The considerations given thus far can be presented in the form of a fourfold thesis: the Bonn-powered HR is based on four fictions: the first one is the fiction of self-constitution or self-grounding; the second one is the fiction of the principled non-opposability to HR’s decisions; the third fiction is one of immediately executive character of his decrees; and the fourth one is the fiction of his a priori interpretive superiority. Why do I call those things fictions? Simply because such a body cannot exist, or be valid, within any contemporary democratic frame. There cannot be a body that self-declares its own mandate and powers; there cannot be a body whose word is automatically executed (for instance, in all normal democratic systems a judicial decision is subject to strict methods and procedures of verification and execution in which the legislative and judiciary take part too – for instance, the members of parliamentary commissions or members, or appointed representatives, of government). Besides, the fiction of ‘immediate executive power’ is based solely on the presence of foreign military in BiH. Also, there cannot be a body whose legitimacy could not be questioned, or criticized or opposed, under some conditions. Finally, there cannot be a body to which all the other bodies should give a blind ‘hermeneutical’ trust in the sense of the body whose interpretations not only of his own, but also of the other bodies’, powers are so perfect that it must not be called to offer explicit reasons for its interpretation.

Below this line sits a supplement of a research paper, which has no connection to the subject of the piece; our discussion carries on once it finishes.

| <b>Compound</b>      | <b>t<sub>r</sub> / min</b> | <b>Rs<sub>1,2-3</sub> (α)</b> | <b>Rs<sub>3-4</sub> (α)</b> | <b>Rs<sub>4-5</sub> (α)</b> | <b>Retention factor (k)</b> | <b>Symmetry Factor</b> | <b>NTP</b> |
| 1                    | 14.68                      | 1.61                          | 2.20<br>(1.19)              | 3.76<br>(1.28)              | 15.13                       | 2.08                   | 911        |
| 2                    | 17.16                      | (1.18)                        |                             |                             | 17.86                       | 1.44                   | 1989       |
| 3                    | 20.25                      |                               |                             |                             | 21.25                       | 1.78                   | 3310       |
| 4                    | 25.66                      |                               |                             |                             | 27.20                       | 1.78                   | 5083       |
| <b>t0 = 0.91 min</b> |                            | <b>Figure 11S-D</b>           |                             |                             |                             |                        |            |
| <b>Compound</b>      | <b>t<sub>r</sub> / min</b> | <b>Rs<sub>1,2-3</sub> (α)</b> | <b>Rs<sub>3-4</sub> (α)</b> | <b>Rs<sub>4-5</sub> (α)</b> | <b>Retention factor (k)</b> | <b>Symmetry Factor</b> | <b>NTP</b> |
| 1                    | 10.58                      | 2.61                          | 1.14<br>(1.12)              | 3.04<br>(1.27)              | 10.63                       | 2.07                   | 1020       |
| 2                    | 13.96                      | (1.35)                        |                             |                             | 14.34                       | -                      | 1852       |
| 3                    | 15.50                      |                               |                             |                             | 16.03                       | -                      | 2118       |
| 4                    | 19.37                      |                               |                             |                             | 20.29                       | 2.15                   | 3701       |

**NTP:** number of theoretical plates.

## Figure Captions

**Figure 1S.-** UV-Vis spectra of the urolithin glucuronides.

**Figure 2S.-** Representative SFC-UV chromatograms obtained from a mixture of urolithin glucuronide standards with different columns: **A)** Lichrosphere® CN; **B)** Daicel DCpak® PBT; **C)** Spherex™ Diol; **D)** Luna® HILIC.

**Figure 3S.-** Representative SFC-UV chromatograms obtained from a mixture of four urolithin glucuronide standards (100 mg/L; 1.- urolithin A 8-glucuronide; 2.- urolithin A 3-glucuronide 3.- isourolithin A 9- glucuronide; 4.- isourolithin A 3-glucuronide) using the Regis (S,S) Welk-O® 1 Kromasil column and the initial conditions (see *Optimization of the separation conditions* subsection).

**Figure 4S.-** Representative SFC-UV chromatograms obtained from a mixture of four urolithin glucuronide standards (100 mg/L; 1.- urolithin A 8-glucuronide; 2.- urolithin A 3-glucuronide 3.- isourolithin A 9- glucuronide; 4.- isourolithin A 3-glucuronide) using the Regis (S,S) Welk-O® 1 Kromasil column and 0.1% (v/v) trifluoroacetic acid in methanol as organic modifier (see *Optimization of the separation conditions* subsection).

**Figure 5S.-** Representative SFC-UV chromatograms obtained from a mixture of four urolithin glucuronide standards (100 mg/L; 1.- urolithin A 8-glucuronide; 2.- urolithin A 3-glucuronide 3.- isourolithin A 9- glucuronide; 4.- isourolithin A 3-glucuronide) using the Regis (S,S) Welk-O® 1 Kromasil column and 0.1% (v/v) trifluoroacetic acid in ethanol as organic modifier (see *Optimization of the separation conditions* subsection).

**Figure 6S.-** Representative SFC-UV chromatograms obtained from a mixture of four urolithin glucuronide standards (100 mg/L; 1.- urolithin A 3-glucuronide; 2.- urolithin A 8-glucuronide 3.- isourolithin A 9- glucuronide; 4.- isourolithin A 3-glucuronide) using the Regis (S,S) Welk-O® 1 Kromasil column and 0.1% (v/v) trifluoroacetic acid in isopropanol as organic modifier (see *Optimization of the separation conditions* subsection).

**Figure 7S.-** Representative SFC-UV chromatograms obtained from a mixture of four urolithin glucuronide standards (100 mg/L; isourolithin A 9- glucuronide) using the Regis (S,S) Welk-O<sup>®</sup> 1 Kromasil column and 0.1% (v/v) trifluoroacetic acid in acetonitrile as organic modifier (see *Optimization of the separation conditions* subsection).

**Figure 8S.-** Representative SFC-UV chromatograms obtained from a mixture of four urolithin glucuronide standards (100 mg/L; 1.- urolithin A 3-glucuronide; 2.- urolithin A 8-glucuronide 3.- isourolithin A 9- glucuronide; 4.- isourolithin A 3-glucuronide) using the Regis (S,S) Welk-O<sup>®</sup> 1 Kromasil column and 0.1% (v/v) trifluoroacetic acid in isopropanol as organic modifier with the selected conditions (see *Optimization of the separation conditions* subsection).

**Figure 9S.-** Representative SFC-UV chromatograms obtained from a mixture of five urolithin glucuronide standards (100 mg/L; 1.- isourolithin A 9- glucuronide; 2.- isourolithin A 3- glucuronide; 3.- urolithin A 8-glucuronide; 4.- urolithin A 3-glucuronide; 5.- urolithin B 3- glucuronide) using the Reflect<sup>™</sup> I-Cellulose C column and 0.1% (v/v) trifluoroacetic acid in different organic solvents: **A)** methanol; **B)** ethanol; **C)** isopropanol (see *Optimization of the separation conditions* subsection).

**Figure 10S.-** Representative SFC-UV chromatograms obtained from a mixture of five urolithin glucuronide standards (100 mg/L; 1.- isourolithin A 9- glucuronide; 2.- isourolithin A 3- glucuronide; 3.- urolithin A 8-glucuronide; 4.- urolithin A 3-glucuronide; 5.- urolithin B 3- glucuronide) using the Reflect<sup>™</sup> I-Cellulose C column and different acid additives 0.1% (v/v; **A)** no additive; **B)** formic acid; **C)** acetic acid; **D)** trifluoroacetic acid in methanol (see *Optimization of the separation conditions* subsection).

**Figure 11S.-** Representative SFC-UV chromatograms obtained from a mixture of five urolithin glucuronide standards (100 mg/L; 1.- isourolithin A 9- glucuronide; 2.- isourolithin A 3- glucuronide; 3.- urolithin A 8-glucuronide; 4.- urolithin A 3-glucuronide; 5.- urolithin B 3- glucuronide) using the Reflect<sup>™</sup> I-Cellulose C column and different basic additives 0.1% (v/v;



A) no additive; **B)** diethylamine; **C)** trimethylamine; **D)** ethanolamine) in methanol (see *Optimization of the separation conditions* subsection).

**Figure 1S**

The topic of the origins of such fictions, or of motivation that was driving the international community at the time, deserves a separate and detailed analysis that here I cannot offer. It is possible that, to a large degree, some emotions, or the fresh memories of the war in Bosnia-Herzegovina, played a major part. BiH was viewed as an unstable and conflict-ridden social or political environment in which the peoples or citizens have not yet reached the desired degree of maturity that could enable them to run their own affairs independently. In such a context the idea that almost immediately arises is an idea of external mediator, or governor, who needs to keep things in control; an idea of a ‘fourth’, unemotional, impartial and unbiased, party who can pass sufficiently wise, compromise-based decisions, and is strong enough to impose them. ‘Leviathan,’ or at least a rudimentary image of Leviathan as a Hobbesian transformer of ‘the state of nature’ (which is the state of war of all against all) into ‘the state of orderly commonwealth,’ emerges as a nearly automatic response to all serious social-political conflicts. However, I also believe that today one can with no difficulty demonstrate that, in instituting the ‘Leviathan’ in BiH, already in 1997 some actors of international community have had a hidden agenda.